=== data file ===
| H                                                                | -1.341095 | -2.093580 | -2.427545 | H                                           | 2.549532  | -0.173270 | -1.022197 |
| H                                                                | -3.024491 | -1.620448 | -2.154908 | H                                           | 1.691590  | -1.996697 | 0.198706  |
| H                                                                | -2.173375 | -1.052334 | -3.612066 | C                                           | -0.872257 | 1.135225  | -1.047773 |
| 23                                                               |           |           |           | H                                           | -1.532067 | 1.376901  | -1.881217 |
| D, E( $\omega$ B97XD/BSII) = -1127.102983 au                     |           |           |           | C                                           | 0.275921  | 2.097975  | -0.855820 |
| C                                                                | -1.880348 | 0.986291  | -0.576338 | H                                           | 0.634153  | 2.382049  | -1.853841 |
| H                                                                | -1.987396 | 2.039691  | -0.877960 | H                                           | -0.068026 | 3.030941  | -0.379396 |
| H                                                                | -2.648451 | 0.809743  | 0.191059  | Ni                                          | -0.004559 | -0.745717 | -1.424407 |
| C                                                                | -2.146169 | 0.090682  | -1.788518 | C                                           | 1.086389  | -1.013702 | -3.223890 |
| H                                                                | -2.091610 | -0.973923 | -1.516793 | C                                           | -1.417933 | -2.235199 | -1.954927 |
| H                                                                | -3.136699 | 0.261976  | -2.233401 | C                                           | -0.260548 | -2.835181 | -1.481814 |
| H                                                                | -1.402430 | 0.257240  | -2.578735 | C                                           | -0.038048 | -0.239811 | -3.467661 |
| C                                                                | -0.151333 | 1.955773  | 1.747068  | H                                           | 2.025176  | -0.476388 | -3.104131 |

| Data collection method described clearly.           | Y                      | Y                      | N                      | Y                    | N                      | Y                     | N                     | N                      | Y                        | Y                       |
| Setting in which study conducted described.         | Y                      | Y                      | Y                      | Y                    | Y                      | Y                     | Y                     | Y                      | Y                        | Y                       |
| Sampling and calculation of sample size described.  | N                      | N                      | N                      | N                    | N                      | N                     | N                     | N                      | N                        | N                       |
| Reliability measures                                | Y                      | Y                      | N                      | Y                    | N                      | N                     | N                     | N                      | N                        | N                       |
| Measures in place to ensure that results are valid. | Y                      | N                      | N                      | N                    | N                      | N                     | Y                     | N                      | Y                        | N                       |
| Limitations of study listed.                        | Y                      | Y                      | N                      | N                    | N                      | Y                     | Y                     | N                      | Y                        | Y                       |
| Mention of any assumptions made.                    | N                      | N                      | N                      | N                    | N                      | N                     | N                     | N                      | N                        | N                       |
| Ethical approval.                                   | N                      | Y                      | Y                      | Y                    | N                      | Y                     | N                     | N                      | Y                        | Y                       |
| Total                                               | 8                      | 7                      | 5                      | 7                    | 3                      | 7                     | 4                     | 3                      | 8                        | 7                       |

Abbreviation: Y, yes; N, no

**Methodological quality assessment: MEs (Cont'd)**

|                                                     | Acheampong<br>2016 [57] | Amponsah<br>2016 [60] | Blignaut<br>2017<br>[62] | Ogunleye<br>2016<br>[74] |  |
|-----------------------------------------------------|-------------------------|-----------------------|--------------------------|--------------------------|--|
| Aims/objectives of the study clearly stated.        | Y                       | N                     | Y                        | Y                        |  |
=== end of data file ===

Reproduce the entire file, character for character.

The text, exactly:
| H                                                                | -1.341095 | -2.093580 | -2.427545 | H                                           | 2.549532  | -0.173270 | -1.022197 |
| H                                                                | -3.024491 | -1.620448 | -2.154908 | H                                           | 1.691590  | -1.996697 | 0.198706  |
| H                                                                | -2.173375 | -1.052334 | -3.612066 | C                                           | -0.872257 | 1.135225  | -1.047773 |
| 23                                                               |           |           |           | H                                           | -1.532067 | 1.376901  | -1.881217 |
| D, E( $\omega$ B97XD/BSII) = -1127.102983 au                     |           |           |           | C                                           | 0.275921  | 2.097975  | -0.855820 |
| C                                                                | -1.880348 | 0.986291  | -0.576338 | H                                           | 0.634153  | 2.382049  | -1.853841 |
| H                                                                | -1.987396 | 2.039691  | -0.877960 | H                                           | -0.068026 | 3.030941  | -0.379396 |
| H                                                                | -2.648451 | 0.809743  | 0.191059  | Ni                                          | -0.004559 | -0.745717 | -1.424407 |
| C                                                                | -2.146169 | 0.090682  | -1.788518 | C                                           | 1.086389  | -1.013702 | -3.223890 |
| H                                                                | -2.091610 | -0.973923 | -1.516793 | C                                           | -1.417933 | -2.235199 | -1.954927 |
| H                                                                | -3.136699 | 0.261976  | -2.233401 | C                                           | -0.260548 | -2.835181 | -1.481814 |
| H                                                                | -1.402430 | 0.257240  | -2.578735 | C                                           | -0.038048 | -0.239811 | -3.467661 |
| C                                                                | -0.151333 | 1.955773  | 1.747068  | H                                           | 2.025176  | -0.476388 | -3.104131 |

| Data collection method described clearly.           | Y                      | Y                      | N                      | Y                    | N                      | Y                     | N                     | N                      | Y                        | Y                       |
| Setting in which study conducted described.         | Y                      | Y                      | Y                      | Y                    | Y                      | Y                     | Y                     | Y                      | Y                        | Y                       |
| Sampling and calculation of sample size described.  | N                      | N                      | N                      | N                    | N                      | N                     | N                     | N                      | N                        | N                       |
| Reliability measures                                | Y                      | Y                      | N                      | Y                    | N                      | N                     | N                     | N                      | N                        | N                       |
| Measures in place to ensure that results are valid. | Y                      | N                      | N                      | N                    | N                      | N                     | Y                     | N                      | Y                        | N                       |
| Limitations of study listed.                        | Y                      | Y                      | N                      | N                    | N                      | Y                     | Y                     | N                      | Y                        | Y                       |
| Mention of any assumptions made.                    | N                      | N                      | N                      | N                    | N                      | N                     | N                     | N                      | N                        | N                       |
| Ethical approval.                                   | N                      | Y                      | Y                      | Y                    | N                      | Y                     | N                     | N                      | Y                        | Y                       |
| Total                                               | 8                      | 7                      | 5                      | 7                    | 3                      | 7                     | 4                     | 3                      | 8                        | 7                       |

Abbreviation: Y, yes; N, no

**Methodological quality assessment: MEs (Cont'd)**

|                                                     | Acheampong<br>2016 [57] | Amponsah<br>2016 [60] | Blignaut<br>2017<br>[62] | Ogunleye<br>2016<br>[74] |  |
|-----------------------------------------------------|-------------------------|-----------------------|--------------------------|--------------------------|--|
| Aims/objectives of the study clearly stated.        | Y                       | N                     | Y                        | Y                        |  |